The European Securities and Markets Authority's (ESMA) released new guidelines on how fund managers subject to the Alternative Investment Fund Managers Directive should meet the bill’s reporting requirements – and it's thrown something of a curve-ball GPs’ way.
In an unexpected move, the pan-EU regulator asked its national counterparts to consider going above and beyond the guidelines' requirements. It now wants the disclosure regime to cover funds’ liquidity profiles, how funds measures risk, exactly how much leverage funds carry, and the number of transactions carried out using high-frequency algorithmic trading techniques.
It’s hard to argue against more transparency. But are these additional requirements really worth the extra reporting burden as far as private equity is concerned? After all, relatively few GPs leverage their funds and hardly any engage in high-frequency trading (almost by definition). These requirements are clearly designed with hedge funds in mind; it's hard to see how forcing private equity managers to report on them will benefit anyone.
And the bad news is that industry legal experts expect most – if not all – national regulators to follow ESMA’s lead. “ESMA is telling the other regulators that it thinks strongly that this other information should be collected because they feel it’s relevant,” one regulatory lawyer told PE Manager. “ESMA actually put the boxes in its reporting template for regulators to collect this data too. My expectation is that it will very much be standard across Europe.”
To make matters worse, it may be up to two months before national regulators confirm whether they intend to adopt or reject ESMA’s suggested reporting rules. That makes it difficult for chief compliance officers working to satisfy the directive’s reporting requirements to put the final touches to their internal reporting systems and data collection procedures. In a related issue, the industry must wait to see if national regulators will allow fund managers to use reporting templates provided by ESMA to populate their answers and submit reports; there’s a possibility that national regulators will require fund managers to follow their own bespoke templates.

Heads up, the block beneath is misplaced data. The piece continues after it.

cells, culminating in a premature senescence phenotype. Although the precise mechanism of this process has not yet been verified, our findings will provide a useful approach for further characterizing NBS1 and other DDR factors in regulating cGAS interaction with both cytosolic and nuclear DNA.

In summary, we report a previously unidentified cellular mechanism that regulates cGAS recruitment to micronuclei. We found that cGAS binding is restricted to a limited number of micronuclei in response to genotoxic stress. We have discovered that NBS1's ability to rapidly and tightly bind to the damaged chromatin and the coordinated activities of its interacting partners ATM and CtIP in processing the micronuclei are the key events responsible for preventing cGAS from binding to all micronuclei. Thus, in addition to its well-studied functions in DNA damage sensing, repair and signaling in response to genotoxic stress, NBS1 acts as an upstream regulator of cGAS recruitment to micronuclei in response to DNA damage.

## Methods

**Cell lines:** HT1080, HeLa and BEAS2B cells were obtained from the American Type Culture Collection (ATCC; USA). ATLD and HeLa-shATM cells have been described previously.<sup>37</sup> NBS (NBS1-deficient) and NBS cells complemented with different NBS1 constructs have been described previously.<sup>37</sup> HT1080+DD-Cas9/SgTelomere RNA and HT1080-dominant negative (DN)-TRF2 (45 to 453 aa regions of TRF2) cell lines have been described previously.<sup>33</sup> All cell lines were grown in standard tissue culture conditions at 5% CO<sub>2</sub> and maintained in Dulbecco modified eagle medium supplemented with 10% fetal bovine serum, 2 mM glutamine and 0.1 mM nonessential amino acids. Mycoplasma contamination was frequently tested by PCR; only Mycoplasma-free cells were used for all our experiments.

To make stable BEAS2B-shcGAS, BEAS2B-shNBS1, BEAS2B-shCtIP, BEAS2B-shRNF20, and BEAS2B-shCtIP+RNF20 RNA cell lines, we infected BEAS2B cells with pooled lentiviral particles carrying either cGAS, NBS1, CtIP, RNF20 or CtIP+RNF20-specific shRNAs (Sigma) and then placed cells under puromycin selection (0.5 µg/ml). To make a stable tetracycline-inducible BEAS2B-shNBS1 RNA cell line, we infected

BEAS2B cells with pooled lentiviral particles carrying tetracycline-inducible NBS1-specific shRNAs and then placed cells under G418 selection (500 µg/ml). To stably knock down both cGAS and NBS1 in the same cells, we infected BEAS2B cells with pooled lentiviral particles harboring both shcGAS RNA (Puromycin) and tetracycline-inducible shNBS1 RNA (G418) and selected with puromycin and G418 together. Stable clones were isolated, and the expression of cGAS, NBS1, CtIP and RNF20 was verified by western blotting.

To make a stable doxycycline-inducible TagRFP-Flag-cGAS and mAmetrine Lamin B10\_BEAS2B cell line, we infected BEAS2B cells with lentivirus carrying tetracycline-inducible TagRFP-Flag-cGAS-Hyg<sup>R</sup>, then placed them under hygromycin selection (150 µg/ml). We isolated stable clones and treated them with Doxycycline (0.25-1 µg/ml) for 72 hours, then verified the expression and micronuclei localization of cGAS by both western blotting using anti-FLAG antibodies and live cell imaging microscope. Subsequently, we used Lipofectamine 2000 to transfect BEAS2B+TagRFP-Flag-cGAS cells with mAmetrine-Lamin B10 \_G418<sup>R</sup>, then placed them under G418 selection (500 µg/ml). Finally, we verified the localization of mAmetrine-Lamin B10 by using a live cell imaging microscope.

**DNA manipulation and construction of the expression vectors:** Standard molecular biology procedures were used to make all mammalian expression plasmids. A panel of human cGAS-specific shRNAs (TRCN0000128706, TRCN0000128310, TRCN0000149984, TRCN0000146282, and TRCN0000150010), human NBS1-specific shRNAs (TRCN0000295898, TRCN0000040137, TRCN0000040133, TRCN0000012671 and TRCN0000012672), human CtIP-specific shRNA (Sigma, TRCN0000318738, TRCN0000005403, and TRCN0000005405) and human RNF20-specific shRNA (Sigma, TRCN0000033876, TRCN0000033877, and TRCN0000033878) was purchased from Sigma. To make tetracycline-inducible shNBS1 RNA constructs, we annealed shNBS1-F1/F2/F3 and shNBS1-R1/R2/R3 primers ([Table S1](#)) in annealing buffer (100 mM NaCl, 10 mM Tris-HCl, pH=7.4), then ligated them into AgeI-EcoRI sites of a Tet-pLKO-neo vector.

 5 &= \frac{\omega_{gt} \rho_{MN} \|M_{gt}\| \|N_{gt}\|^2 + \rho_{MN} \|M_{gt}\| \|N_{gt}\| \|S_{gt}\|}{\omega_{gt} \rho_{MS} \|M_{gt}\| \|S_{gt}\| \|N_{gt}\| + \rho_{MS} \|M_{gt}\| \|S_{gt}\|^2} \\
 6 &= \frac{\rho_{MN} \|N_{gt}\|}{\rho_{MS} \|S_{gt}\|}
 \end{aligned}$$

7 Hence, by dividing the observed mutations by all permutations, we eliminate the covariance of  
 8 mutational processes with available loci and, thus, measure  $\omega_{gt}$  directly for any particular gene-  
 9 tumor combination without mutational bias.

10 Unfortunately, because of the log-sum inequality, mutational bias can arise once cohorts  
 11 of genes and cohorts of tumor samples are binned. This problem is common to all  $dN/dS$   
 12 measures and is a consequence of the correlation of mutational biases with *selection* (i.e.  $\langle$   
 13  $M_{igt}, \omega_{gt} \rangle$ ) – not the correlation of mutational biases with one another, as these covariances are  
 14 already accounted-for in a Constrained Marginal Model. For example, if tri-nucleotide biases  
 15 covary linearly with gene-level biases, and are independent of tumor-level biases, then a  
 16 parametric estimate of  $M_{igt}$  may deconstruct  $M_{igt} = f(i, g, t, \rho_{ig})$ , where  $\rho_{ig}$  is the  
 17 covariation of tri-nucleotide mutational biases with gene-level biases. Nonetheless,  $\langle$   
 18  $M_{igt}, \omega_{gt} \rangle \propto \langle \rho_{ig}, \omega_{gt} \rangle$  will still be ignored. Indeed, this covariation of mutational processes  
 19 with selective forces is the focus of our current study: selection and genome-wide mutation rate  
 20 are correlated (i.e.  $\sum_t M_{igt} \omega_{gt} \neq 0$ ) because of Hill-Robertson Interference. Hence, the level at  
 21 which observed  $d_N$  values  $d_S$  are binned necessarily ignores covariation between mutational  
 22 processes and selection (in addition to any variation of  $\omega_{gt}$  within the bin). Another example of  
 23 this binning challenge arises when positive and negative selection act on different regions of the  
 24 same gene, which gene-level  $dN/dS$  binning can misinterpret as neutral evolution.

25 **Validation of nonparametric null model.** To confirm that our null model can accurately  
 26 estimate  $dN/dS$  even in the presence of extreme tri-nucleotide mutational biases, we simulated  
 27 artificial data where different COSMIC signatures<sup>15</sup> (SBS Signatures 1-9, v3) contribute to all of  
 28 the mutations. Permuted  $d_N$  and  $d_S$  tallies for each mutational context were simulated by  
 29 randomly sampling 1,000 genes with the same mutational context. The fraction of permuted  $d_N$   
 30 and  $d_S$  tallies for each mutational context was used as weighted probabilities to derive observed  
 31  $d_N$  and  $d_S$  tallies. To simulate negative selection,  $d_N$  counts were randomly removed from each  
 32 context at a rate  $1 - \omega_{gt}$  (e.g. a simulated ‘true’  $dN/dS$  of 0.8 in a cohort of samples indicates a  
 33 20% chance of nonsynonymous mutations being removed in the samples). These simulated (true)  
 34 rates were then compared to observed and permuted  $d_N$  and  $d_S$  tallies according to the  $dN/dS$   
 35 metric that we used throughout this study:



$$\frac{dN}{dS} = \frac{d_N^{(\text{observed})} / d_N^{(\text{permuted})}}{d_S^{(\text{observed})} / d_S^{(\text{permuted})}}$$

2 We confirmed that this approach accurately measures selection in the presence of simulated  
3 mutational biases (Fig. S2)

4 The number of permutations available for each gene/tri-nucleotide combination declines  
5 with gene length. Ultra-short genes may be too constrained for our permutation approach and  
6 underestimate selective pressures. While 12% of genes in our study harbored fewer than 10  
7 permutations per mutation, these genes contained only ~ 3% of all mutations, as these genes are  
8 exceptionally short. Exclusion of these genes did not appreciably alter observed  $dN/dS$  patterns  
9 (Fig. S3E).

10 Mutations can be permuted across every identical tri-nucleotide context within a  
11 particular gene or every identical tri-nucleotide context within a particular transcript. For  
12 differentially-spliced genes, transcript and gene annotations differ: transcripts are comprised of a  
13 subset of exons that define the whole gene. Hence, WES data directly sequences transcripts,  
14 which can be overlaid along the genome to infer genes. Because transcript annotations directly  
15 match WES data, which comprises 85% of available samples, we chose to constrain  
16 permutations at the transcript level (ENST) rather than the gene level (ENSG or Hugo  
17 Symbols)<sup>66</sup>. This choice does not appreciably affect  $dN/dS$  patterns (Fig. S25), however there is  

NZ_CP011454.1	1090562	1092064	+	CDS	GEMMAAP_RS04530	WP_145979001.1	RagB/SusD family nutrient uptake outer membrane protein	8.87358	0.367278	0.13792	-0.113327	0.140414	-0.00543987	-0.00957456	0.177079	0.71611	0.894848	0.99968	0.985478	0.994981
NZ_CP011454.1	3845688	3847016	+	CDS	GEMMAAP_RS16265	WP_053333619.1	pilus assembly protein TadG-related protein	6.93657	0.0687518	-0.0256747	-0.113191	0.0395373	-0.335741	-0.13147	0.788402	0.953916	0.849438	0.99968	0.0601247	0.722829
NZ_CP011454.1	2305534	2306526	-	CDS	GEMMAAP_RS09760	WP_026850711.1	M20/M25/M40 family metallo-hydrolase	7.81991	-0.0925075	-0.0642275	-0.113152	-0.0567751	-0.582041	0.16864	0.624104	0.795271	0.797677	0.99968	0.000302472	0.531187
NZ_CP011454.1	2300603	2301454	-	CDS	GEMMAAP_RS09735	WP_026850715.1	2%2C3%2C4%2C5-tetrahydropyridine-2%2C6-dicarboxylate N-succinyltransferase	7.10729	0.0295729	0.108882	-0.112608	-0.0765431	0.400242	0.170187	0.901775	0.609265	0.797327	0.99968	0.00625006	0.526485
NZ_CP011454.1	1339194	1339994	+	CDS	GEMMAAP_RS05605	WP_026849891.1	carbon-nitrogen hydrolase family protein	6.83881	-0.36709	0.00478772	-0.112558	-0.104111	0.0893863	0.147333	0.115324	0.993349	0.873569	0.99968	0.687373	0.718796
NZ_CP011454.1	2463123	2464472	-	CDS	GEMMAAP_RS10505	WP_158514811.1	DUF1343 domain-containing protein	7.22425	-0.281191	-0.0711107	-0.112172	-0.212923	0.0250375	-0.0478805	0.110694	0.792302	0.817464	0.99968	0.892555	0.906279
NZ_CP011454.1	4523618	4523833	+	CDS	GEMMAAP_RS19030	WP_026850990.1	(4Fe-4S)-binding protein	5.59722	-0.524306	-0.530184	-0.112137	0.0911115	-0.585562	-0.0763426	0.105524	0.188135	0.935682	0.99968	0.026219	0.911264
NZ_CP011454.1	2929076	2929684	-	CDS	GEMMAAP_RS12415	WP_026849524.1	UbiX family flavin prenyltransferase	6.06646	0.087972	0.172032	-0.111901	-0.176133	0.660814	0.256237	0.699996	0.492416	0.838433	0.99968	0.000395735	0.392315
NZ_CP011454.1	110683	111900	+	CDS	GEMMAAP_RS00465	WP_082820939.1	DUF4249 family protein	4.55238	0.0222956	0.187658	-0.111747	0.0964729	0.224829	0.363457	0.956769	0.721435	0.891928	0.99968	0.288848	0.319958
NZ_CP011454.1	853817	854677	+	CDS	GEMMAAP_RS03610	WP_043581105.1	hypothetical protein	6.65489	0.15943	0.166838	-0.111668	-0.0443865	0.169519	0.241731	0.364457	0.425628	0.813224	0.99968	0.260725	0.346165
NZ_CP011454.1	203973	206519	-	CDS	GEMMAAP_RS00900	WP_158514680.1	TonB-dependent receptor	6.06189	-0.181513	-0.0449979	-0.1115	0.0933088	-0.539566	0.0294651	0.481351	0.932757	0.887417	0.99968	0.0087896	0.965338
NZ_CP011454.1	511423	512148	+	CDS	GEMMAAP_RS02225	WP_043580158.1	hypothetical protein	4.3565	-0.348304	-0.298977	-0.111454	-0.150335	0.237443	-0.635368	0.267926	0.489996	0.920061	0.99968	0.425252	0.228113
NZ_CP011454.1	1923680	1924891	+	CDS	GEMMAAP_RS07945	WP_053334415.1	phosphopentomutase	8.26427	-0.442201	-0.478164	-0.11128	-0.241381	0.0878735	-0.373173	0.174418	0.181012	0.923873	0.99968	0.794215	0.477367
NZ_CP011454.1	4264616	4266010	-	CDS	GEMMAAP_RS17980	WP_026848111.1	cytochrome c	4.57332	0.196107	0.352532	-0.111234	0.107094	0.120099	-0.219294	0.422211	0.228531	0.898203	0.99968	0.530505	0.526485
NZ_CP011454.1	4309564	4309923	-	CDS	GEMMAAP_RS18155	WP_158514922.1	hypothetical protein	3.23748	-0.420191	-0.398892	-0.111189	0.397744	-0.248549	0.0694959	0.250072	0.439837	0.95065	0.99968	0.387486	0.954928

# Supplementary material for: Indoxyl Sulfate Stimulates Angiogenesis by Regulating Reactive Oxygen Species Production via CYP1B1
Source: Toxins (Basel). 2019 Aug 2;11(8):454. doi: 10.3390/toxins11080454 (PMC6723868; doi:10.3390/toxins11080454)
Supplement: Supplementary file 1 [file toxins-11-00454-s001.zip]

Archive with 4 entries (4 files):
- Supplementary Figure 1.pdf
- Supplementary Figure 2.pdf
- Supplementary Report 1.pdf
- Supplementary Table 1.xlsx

On the plus side, ESMA is at least providing those GPs that are taking advantage of the one-year compliance grace period with some extra time to file their first AIFMD reports. Initially ESMA wanted all GPs subject to the directive to begin submitting reports by January 31 2014 (February 15 for funds of funds). But following push-back from the industry and some national regulators, ESMA is now suggesting that GPs begin filing their reports only after they become authorized.
And because fund managers are already revamping their existing reporting procedures and policies to reflect all this new regulation – the US Foreign Account Tax Compliance Act is the obvious example, but there's also been increased attention on Know Your Customer and Anti-Money Laundering rules – satisfying ESMA’s suggested extra reporting requirements may prove to be less hassle than some envision.
Nonetheless, this latest uncertainty around AIFMD reporting represents yet another unwanted compliance headache. And it's another example of the damage that can be done when regulators try to take a 'one size fits all' approach to a very diverse industry.